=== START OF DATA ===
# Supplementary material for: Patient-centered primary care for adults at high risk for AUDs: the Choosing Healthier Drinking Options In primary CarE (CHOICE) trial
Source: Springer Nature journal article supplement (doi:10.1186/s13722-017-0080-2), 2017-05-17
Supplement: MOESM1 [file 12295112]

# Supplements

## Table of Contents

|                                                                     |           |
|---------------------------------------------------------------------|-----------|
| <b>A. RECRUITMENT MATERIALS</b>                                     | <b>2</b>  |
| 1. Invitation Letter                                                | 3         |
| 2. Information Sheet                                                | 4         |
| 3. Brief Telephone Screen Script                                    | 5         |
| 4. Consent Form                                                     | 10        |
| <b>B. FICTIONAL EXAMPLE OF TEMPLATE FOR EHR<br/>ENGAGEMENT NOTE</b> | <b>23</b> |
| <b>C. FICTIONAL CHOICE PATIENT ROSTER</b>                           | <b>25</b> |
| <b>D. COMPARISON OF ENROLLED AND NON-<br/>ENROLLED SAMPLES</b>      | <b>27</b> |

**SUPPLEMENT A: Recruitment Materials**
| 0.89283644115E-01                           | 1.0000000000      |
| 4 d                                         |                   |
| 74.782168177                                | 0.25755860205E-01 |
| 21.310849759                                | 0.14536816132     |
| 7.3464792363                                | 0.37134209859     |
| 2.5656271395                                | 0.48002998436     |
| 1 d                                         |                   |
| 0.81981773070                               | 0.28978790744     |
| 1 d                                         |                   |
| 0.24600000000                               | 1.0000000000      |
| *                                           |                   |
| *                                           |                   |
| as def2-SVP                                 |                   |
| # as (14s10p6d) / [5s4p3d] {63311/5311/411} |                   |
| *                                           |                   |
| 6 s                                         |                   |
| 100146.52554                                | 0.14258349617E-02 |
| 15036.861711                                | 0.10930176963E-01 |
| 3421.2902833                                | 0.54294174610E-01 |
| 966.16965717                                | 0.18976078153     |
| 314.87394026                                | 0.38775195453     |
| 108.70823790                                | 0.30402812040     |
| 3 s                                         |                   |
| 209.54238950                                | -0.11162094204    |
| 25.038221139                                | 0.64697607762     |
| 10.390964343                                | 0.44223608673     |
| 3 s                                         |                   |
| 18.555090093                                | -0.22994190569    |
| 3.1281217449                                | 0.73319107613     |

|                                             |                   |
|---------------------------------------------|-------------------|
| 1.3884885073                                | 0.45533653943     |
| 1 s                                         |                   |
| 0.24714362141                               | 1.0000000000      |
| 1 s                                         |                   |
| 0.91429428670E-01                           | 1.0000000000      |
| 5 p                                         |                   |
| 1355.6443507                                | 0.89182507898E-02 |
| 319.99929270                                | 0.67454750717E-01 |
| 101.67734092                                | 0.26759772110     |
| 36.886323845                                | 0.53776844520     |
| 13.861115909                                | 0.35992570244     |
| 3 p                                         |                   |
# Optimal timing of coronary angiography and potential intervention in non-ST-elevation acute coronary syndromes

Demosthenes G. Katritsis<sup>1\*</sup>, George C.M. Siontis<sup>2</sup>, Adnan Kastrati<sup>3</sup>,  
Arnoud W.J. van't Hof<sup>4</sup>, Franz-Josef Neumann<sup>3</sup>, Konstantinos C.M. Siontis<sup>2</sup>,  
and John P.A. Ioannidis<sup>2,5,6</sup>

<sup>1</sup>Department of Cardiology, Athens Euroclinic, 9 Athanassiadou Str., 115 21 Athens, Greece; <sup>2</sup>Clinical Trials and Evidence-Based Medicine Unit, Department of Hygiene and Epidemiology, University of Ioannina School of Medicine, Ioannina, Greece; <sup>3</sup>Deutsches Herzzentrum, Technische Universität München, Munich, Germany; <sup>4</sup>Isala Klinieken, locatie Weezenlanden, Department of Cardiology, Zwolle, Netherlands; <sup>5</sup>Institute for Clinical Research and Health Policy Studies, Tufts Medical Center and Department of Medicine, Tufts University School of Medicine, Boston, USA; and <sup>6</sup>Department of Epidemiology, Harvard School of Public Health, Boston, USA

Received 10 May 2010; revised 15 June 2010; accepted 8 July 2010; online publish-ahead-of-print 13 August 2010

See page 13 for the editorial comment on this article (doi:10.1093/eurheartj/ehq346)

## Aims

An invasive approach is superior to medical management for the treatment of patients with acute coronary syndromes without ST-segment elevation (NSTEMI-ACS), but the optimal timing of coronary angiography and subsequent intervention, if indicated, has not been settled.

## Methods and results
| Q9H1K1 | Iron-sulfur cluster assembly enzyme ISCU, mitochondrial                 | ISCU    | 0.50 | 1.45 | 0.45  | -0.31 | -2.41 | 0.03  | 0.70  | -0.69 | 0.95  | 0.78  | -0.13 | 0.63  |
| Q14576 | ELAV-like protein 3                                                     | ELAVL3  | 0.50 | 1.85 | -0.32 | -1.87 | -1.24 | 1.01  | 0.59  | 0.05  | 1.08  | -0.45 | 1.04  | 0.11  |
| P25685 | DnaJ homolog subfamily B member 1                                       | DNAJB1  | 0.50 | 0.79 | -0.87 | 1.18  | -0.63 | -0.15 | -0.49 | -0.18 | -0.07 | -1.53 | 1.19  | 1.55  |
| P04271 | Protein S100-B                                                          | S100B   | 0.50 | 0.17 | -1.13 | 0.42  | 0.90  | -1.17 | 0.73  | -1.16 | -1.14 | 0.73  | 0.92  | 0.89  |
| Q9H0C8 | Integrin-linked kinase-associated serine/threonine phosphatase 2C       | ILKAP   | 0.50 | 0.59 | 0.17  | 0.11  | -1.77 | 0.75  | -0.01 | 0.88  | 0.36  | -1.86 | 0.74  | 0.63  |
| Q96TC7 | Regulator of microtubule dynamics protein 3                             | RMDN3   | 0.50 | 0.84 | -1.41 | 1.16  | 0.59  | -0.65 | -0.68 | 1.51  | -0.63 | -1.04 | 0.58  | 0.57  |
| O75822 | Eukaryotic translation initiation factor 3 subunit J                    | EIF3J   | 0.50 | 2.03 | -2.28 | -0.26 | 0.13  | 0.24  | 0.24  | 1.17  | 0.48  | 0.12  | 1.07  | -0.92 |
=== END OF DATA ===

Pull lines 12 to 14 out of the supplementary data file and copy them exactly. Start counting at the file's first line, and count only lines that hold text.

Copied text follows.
| 4. Consent Form                                                     | 10        |
| <b>B. FICTIONAL EXAMPLE OF TEMPLATE FOR EHR<br/>ENGAGEMENT NOTE</b> | <b>23</b> |
| <b>C. FICTIONAL CHOICE PATIENT ROSTER</b>                           | <b>25</b> |